This isn’t likely to have a dramatic impact on Windows 10’s uptake. The odds are that you’ve already upgraded to Windows 10 if you wanted it in the first place, and you may have had no choice but to buy a a Windows 10 PC even if you didn’t. And the odds of someone abusing the loophole aren’t that high given how easy it was to score a free copy before July 2016.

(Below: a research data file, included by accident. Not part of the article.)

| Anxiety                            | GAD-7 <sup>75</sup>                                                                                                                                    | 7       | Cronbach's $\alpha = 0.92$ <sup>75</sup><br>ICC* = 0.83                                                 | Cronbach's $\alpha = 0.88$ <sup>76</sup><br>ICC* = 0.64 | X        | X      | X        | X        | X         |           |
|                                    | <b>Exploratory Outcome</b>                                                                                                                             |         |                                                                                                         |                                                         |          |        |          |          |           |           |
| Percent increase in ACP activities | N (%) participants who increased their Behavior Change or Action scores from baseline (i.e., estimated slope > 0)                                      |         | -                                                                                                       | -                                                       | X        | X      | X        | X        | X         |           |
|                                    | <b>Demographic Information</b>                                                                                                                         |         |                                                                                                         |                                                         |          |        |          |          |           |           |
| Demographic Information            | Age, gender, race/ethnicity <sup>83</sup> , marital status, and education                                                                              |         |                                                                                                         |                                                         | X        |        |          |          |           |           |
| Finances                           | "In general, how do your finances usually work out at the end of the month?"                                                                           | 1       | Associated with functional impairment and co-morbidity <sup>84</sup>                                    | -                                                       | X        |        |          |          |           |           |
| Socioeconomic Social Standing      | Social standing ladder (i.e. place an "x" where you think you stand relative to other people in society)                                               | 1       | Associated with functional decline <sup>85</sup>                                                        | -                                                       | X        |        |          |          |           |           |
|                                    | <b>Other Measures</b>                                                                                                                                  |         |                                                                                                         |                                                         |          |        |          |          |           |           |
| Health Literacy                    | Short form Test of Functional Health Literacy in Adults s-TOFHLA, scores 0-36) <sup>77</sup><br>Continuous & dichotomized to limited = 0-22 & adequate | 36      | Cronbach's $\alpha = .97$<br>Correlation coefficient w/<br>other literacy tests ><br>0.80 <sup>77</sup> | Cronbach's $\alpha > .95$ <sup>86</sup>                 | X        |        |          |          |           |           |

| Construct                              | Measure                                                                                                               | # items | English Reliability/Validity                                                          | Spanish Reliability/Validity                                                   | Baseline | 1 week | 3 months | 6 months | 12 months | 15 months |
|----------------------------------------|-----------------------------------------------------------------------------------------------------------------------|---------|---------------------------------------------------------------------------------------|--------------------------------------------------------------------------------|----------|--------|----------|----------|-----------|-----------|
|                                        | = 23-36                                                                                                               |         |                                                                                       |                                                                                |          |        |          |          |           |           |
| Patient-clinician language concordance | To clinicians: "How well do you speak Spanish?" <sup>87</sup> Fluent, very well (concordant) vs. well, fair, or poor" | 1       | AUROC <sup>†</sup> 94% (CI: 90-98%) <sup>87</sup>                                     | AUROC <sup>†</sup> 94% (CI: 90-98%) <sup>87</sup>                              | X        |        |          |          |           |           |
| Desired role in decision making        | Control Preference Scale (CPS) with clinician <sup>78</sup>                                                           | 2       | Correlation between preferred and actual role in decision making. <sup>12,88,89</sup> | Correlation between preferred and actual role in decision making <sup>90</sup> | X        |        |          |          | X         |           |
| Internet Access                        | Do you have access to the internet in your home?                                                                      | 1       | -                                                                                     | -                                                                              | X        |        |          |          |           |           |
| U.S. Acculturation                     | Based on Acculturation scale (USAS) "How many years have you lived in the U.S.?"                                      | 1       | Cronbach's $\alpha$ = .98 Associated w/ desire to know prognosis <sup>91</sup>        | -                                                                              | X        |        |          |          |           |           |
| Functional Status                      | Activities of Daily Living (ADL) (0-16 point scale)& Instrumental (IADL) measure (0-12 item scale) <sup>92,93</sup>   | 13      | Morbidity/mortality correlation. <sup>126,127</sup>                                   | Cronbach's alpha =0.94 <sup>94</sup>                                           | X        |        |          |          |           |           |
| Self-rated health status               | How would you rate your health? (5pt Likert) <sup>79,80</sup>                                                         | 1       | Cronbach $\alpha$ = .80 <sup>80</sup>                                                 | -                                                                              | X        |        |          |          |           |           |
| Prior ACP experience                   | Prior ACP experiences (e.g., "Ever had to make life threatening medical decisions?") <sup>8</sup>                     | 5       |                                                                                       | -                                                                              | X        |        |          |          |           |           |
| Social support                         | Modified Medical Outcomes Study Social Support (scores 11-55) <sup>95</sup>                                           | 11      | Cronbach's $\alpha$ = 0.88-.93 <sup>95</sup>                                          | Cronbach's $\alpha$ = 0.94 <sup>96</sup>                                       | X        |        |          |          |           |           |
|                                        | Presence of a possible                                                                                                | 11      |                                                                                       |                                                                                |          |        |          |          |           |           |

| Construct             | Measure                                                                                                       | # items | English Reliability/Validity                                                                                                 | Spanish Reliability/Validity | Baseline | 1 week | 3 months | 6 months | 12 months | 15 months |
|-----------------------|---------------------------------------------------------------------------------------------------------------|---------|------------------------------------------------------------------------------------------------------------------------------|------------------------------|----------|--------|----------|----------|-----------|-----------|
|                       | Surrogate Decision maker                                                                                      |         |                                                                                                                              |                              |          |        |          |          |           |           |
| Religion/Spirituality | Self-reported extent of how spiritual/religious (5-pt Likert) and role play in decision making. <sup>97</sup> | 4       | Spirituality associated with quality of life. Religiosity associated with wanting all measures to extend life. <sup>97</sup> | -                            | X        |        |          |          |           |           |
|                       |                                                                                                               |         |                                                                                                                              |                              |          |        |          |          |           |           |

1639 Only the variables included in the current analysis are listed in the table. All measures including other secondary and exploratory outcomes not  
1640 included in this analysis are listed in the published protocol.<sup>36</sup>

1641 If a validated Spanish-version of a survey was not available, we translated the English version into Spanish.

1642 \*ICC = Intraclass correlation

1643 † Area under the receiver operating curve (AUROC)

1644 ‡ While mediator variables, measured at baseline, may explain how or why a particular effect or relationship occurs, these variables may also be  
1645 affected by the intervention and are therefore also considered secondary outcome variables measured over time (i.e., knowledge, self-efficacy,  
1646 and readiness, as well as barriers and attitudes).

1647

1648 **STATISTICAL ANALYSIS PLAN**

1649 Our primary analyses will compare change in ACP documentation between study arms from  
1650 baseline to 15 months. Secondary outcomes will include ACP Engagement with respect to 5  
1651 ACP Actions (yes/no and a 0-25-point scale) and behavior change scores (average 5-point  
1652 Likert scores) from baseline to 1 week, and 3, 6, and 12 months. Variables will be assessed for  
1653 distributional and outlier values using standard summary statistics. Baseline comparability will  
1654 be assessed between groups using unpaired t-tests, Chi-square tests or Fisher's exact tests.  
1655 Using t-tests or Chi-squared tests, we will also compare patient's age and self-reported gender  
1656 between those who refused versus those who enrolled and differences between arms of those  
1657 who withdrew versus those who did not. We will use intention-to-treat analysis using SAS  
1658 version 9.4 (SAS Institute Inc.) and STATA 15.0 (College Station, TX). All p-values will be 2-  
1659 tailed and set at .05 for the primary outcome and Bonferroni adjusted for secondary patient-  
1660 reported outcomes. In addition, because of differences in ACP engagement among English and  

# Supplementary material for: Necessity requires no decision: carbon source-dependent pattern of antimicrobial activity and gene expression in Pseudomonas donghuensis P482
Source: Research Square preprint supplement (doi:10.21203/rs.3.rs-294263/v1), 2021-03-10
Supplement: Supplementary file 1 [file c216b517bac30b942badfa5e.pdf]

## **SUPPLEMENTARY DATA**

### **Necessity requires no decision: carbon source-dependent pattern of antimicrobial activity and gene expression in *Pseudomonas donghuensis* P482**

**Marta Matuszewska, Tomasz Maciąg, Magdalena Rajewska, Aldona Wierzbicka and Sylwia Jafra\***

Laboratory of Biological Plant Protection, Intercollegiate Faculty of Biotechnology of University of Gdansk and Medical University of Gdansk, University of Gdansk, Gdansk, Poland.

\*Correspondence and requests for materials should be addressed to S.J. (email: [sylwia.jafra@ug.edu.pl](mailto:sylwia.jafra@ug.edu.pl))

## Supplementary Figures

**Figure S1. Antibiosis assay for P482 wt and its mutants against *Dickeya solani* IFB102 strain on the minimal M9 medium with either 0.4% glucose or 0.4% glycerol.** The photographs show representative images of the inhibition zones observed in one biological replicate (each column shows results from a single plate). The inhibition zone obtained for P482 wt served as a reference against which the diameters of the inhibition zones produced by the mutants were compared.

Nonetheless, it’s an important milestone: it marks the formal end of Microsoft’s bid to modernize and unify the Windows user base by removing the price barrier. Did it work? It’s hard to say. Windows 10 adoption was brisk while free upgrades were common, but it’s not clear that Microsoft moved the needle any more than it would have otherwise. NetMarketShare notes that Windows 10’s usage share of the overall PC market surged from 9 percent in November 2015 to 29.3 percent in October 2017, but Windows 7 is still the dominant version at 46.6 percent (a dip of less than 10 percent). There’s still a lot of inertia, whether it’s companies worried about compatibility or home users who just see no rush to ditch a familiar experience.